He was the second most lucrative signing paraded by Liverpool manager Kenny Dalglish this week, yet Luis Suarez may just turn out to be the natural successor to Fernando Torres at Anfield.
While it would have been easy to overlook Suarez's capture amid the excitement created by Andy Carroll's £35 million arrival at Anfield last Monday, Liverpool's £22.8 million investment in Suarez could turn out to be the more shrewd deal as this proven international superstar comes with a more reliable guarantee than the raw Geordie, who still has so much to prove.
The hero and villain of Uruguay's run to the World Cup semi-finals last summer, Suarez secured a place in football infamy when his handball denied Ghana a place in the last four of the game's most prestigious competition and now, at the age of 24, the moment has come for the player who has long been linked with a move to one of Europe's elite clubs to confirm his worth.
"I know there are people who doubt I can be a success in one of the top leagues, but this is an opportunity for me to show what I can do at one of the very biggest clubs in the world," Suarez says, having hit the target on his debut against Stoke on Wednesday night. "My aim is to score at the same rate as I did with Ajax, but maybe that will not be so easy in this tough Premier League.
"This is the right moment in my career to play at the next level. My time at Ajax was perfect in so many ways and I will always owe the club so much for giving me a chance to move my game forward, but Liverpool is something special. To score in front of the famous Kop and to be given the No. 7 shirt so many legends have worn is incredible for me."
Even though his strike record of 81 goals from 110 games in Ajax colours confirmed Suarez was a class above the rest in the Dutch top-flight in recent years, this is a league that has a habit of spawning free-scoring stars who struggle to convert that form to the more competitive leagues around Europe.
Mateja Kezman, Afonso Alves and Klaas-Jan Huntelaar are among those who tried and failed to convert their prolificacy in the Netherlands to more prominent stages, yet Suarez's international heroics suggest he has the class to step up and become a star at Liverpool.
Suarez has been saying all the right things in his first English interviews this week as he has portrayed himself as a model professional, but he boasted a reputation as a bad boy during his time in Dutch football, with his final imprint on the Eredivisie so much more infamous than glorious.
It is something of a tragedy that Suarez's last notable contribution to the Ajax cause were the teeth marks he left in the upper torso of Otman Bakkal after he bit into the flesh of the PSV Eindhoven winger in an angry exchange last November, though this livewire striker's brilliance has a tendency to be tarnished by his touch of devilment.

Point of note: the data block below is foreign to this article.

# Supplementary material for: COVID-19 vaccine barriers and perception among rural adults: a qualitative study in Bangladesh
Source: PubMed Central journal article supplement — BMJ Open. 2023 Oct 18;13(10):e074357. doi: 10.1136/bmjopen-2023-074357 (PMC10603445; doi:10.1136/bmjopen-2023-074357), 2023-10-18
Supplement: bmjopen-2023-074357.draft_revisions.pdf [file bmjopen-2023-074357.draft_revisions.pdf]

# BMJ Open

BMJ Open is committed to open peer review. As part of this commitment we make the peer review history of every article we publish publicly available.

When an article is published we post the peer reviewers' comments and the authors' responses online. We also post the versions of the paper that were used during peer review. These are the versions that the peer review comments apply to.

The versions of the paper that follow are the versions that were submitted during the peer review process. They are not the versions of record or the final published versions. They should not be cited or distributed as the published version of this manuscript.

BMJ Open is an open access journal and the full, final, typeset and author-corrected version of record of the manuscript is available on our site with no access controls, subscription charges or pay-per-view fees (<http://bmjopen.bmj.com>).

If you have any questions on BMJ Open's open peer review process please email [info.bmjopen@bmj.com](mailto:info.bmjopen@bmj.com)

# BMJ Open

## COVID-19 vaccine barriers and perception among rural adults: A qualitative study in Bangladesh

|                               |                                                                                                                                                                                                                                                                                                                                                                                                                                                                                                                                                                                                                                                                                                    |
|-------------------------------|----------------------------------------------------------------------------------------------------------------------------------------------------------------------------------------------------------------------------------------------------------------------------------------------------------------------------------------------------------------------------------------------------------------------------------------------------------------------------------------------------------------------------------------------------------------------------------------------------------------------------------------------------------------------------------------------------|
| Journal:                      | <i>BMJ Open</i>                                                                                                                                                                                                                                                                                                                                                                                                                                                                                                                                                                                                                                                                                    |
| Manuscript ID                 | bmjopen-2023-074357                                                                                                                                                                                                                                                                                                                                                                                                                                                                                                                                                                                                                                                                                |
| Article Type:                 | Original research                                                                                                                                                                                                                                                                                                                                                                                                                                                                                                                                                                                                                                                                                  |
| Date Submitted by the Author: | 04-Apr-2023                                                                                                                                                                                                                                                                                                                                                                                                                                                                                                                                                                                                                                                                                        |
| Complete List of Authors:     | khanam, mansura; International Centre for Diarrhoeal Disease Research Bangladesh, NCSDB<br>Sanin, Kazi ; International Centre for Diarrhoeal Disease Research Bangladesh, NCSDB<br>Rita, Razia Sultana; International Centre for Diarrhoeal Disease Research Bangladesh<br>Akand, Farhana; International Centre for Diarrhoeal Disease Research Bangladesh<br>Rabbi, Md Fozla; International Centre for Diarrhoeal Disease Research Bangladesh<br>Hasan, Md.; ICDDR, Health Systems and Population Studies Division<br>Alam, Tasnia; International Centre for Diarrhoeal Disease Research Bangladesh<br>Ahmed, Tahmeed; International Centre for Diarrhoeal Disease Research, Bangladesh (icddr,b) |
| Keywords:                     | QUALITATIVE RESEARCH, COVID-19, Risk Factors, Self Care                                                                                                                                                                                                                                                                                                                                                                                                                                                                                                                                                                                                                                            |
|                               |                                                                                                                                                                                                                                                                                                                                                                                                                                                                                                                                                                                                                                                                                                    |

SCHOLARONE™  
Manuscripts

It remains to be seen whether the controversy he struggles to avoid will be left behind as fall-outs with his coaches, his reputation for taking a tumble to win penalties, that World Cup handball and his biting antics serve to cement his reputation as something of a difficult character, but he insists such a tag is undeserved.
"I'm still questioned about what happened as the World Cup quarter-final and all I would ask any player or reporter is whether they would have done the same thing," says the striker who was sent off on his international debut for Uruguay back in 2007. "It was an instinctive reaction and there was no option for me other than to do it. I paid a heavy price personally as I was suspended for the semi-final, but my team-mates were able to continue their dream.
"In a way, I'm disappointed that nobody remembers my performances at the World Cup and the only comment in the paper was the handball. This was a little sad, but it seems that everyone is keen to find something to be critical about.
"I said at the time and I repeat now that it is far worse for a player to kick an opponent when he is about to score a goal or to try to hurt him to stop his game. That happened to me a lot in the Ghana game and every time I play, but this is never the focus.
"As for the biting incident with Bakkal, this was a mistake on my part. His behaviour on the day was also disappointing, but I was the captain of Ajax and this was not acceptable. We all lose our composure at times, though I accept what I did was not the right response."
The Suarez story falls neatly into the 'rags to riches' box as his household was hardly laden with luxury: he and his six siblings struggled to make ends meet under the watch of a single mother who lacked the financial support she needed to cope with such a substantial family.
However, with his brother Paulo enjoying a career in professional football back in South America and young Luis flying the flag and earning his millions in Europe, this is one family that has been saved by the beautiful game.
His successes are all the more remarkable when you consider his youth-team coach warned him his career as a footballer would not leave first base unless he changed the party lifestyle that was leading him astray in his teenage years, but he heeded that invaluable advice and has hardly looked back since.
He will need to address his indifferent disciplinary record before crossing swords with Premier League referees, yet a maturing Suarez may well have time his move to Liverpool perfectly as he has finds himself at a massive club desperate for a saviour after troubled times.
"This is the biggest chance to show what I can do at a major club and I will not let it pass by me," he adds. "My life when I was growing up was never easy and I appreciate that everything that is happening for me now. Football has given so much to my whole family and I will not take anything for granted now that I have arrived at Liverpool."
Brilliant, thrilling and occasionally flawed, the latest episodes in the Luis Suarez story should be fascinating to follow.